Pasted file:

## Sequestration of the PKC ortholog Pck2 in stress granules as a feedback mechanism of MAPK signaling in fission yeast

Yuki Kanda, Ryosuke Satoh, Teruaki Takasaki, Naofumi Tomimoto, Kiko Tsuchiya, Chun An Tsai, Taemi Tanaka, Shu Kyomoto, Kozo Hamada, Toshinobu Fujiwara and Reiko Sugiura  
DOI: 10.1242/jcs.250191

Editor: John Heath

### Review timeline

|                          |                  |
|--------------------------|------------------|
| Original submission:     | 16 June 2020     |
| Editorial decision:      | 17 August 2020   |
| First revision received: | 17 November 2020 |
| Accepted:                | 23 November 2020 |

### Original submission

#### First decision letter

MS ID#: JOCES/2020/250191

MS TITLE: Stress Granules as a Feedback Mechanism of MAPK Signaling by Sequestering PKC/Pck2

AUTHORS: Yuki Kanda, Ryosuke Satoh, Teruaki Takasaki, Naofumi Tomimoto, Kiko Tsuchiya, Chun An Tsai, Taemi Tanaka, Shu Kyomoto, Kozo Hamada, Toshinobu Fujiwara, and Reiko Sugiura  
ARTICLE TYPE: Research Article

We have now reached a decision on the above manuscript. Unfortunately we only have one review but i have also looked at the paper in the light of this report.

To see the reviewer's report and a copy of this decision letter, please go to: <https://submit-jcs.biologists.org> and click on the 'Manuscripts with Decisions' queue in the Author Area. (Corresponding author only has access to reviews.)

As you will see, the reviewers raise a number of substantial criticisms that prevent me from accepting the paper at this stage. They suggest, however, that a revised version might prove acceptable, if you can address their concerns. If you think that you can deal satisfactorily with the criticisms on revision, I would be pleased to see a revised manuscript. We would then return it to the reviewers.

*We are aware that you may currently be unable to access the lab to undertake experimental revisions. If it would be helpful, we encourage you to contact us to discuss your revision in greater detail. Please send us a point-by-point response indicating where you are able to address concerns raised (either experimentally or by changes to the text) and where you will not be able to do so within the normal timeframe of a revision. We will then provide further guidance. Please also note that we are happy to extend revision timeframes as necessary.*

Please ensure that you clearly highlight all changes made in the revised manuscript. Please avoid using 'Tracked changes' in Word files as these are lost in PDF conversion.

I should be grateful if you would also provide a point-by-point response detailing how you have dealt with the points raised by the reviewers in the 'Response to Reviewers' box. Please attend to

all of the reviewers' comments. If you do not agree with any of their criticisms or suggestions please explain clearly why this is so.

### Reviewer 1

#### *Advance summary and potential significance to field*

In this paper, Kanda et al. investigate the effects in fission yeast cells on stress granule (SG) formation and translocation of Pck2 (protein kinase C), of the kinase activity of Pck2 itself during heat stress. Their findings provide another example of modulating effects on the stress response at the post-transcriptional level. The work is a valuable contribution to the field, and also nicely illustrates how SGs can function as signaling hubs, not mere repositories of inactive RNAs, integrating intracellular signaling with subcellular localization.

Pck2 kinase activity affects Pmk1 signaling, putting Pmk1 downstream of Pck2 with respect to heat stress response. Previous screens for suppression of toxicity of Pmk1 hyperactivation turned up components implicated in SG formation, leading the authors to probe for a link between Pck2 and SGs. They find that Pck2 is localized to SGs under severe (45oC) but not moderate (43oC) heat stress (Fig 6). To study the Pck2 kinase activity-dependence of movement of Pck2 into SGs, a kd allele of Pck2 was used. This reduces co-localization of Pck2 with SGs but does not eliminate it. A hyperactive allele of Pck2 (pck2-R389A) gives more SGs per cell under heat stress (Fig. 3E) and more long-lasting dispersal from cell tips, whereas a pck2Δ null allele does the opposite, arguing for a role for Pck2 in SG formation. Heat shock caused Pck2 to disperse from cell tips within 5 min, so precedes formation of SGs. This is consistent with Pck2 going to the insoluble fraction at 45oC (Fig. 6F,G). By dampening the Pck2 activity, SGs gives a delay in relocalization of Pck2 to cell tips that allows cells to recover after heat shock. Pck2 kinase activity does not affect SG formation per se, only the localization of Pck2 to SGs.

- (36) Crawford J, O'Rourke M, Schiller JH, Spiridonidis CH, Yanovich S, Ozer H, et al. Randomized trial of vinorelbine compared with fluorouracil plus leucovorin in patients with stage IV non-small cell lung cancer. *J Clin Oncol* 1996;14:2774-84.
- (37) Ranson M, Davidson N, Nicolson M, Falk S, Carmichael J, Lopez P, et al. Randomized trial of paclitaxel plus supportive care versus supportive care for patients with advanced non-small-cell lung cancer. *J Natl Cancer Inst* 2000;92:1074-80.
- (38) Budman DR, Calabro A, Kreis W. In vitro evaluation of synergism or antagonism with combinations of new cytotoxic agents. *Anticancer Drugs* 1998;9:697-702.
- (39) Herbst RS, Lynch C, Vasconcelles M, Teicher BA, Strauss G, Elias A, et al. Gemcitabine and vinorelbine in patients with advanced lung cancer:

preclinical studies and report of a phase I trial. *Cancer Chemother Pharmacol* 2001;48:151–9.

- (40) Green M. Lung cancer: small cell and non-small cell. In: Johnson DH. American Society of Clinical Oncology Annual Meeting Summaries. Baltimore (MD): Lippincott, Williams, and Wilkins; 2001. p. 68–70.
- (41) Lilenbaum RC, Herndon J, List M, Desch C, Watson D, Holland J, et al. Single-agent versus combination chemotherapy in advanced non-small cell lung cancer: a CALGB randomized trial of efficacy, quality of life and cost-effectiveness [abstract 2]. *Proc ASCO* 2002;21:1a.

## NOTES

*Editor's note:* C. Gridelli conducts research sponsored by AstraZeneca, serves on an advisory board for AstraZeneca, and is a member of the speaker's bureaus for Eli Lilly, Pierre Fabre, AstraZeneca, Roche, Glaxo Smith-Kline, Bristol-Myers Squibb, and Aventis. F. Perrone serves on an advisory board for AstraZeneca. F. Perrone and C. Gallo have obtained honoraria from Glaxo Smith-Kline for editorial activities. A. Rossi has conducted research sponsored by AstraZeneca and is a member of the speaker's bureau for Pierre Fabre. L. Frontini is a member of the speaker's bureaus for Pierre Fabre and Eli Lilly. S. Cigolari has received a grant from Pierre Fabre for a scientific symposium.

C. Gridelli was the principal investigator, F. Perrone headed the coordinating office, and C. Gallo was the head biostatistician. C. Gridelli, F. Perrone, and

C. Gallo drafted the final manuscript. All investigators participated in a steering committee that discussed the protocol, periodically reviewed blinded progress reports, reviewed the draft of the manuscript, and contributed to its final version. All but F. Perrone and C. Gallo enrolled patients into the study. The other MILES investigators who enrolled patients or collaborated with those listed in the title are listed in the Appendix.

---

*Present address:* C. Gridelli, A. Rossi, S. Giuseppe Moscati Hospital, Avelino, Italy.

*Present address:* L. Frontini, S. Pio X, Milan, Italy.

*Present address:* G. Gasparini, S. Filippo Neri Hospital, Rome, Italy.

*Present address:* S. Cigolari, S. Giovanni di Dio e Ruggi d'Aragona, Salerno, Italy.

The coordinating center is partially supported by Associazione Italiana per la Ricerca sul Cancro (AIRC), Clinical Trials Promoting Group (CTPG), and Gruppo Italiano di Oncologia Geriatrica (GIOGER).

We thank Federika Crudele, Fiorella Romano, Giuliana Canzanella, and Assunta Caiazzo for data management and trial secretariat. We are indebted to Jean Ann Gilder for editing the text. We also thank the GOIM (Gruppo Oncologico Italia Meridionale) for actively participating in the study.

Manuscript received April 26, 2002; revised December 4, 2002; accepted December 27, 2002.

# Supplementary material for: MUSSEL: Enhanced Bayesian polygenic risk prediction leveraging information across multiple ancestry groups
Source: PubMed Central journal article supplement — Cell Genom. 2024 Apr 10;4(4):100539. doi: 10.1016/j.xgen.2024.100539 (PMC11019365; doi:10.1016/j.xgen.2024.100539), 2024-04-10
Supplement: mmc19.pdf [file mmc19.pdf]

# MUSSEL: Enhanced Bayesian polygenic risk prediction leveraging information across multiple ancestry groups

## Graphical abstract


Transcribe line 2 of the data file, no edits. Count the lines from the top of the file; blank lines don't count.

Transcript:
Yuki Kanda, Ryosuke Satoh, Teruaki Takasaki, Naofumi Tomimoto, Kiko Tsuchiya, Chun An Tsai, Taemi Tanaka, Shu Kyomoto, Kozo Hamada, Toshinobu Fujiwara and Reiko Sugiura  